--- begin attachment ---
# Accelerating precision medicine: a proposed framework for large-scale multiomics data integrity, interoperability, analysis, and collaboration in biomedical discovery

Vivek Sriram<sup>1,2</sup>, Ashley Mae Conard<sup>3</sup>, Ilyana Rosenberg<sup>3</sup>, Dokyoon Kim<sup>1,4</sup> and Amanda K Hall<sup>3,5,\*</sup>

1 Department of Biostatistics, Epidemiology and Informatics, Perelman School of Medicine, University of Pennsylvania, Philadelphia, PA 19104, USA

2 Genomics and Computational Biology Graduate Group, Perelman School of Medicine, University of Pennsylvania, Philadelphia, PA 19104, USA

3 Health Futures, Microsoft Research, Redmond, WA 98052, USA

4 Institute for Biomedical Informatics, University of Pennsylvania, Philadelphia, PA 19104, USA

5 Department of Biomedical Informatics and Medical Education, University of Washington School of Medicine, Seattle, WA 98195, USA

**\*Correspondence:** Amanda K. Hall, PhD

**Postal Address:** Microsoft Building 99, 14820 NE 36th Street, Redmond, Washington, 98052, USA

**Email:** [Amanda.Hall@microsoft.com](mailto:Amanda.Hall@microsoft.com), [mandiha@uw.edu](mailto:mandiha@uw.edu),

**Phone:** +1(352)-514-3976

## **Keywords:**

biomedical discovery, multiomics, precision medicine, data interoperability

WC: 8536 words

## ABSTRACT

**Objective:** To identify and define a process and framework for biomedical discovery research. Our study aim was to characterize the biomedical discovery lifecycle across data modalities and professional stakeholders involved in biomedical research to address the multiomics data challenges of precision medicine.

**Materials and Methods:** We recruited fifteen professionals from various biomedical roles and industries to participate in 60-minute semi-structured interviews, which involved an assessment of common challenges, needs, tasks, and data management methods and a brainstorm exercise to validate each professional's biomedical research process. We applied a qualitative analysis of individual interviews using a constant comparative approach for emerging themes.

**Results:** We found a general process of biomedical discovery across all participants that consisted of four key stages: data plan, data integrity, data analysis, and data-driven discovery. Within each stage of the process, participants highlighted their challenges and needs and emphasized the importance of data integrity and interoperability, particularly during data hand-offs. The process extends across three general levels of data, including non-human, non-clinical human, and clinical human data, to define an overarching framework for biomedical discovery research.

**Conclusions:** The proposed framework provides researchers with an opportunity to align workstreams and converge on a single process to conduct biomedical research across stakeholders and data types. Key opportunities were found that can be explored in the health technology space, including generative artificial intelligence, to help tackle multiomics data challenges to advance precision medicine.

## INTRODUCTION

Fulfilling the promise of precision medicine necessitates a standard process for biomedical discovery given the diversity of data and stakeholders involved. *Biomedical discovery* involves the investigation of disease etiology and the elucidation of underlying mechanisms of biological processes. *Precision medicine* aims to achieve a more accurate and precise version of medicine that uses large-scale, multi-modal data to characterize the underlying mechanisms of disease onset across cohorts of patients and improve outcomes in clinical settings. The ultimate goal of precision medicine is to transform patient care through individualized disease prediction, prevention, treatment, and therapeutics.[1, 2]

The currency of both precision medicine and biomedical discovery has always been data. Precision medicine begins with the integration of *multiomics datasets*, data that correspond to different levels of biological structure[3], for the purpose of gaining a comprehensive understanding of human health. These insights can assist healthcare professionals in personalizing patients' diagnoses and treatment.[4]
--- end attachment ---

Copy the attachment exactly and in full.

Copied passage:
# Accelerating precision medicine: a proposed framework for large-scale multiomics data integrity, interoperability, analysis, and collaboration in biomedical discovery

Vivek Sriram<sup>1,2</sup>, Ashley Mae Conard<sup>3</sup>, Ilyana Rosenberg<sup>3</sup>, Dokyoon Kim<sup>1,4</sup> and Amanda K Hall<sup>3,5,\*</sup>

1 Department of Biostatistics, Epidemiology and Informatics, Perelman School of Medicine, University of Pennsylvania, Philadelphia, PA 19104, USA

2 Genomics and Computational Biology Graduate Group, Perelman School of Medicine, University of Pennsylvania, Philadelphia, PA 19104, USA

3 Health Futures, Microsoft Research, Redmond, WA 98052, USA

4 Institute for Biomedical Informatics, University of Pennsylvania, Philadelphia, PA 19104, USA

5 Department of Biomedical Informatics and Medical Education, University of Washington School of Medicine, Seattle, WA 98195, USA

**\*Correspondence:** Amanda K. Hall, PhD

**Postal Address:** Microsoft Building 99, 14820 NE 36th Street, Redmond, Washington, 98052, USA

**Email:** [Amanda.Hall@microsoft.com](mailto:Amanda.Hall@microsoft.com), [mandiha@uw.edu](mailto:mandiha@uw.edu),

**Phone:** +1(352)-514-3976

## **Keywords:**

biomedical discovery, multiomics, precision medicine, data interoperability

WC: 8536 words

## ABSTRACT

**Objective:** To identify and define a process and framework for biomedical discovery research. Our study aim was to characterize the biomedical discovery lifecycle across data modalities and professional stakeholders involved in biomedical research to address the multiomics data challenges of precision medicine.

**Materials and Methods:** We recruited fifteen professionals from various biomedical roles and industries to participate in 60-minute semi-structured interviews, which involved an assessment of common challenges, needs, tasks, and data management methods and a brainstorm exercise to validate each professional's biomedical research process. We applied a qualitative analysis of individual interviews using a constant comparative approach for emerging themes.

**Results:** We found a general process of biomedical discovery across all participants that consisted of four key stages: data plan, data integrity, data analysis, and data-driven discovery. Within each stage of the process, participants highlighted their challenges and needs and emphasized the importance of data integrity and interoperability, particularly during data hand-offs. The process extends across three general levels of data, including non-human, non-clinical human, and clinical human data, to define an overarching framework for biomedical discovery research.

**Conclusions:** The proposed framework provides researchers with an opportunity to align workstreams and converge on a single process to conduct biomedical research across stakeholders and data types. Key opportunities were found that can be explored in the health technology space, including generative artificial intelligence, to help tackle multiomics data challenges to advance precision medicine.

## INTRODUCTION

Fulfilling the promise of precision medicine necessitates a standard process for biomedical discovery given the diversity of data and stakeholders involved. *Biomedical discovery* involves the investigation of disease etiology and the elucidation of underlying mechanisms of biological processes. *Precision medicine* aims to achieve a more accurate and precise version of medicine that uses large-scale, multi-modal data to characterize the underlying mechanisms of disease onset across cohorts of patients and improve outcomes in clinical settings. The ultimate goal of precision medicine is to transform patient care through individualized disease prediction, prevention, treatment, and therapeutics.[1, 2]

The currency of both precision medicine and biomedical discovery has always been data. Precision medicine begins with the integration of *multiomics datasets*, data that correspond to different levels of biological structure[3], for the purpose of gaining a comprehensive understanding of human health. These insights can assist healthcare professionals in personalizing patients' diagnoses and treatment.[4]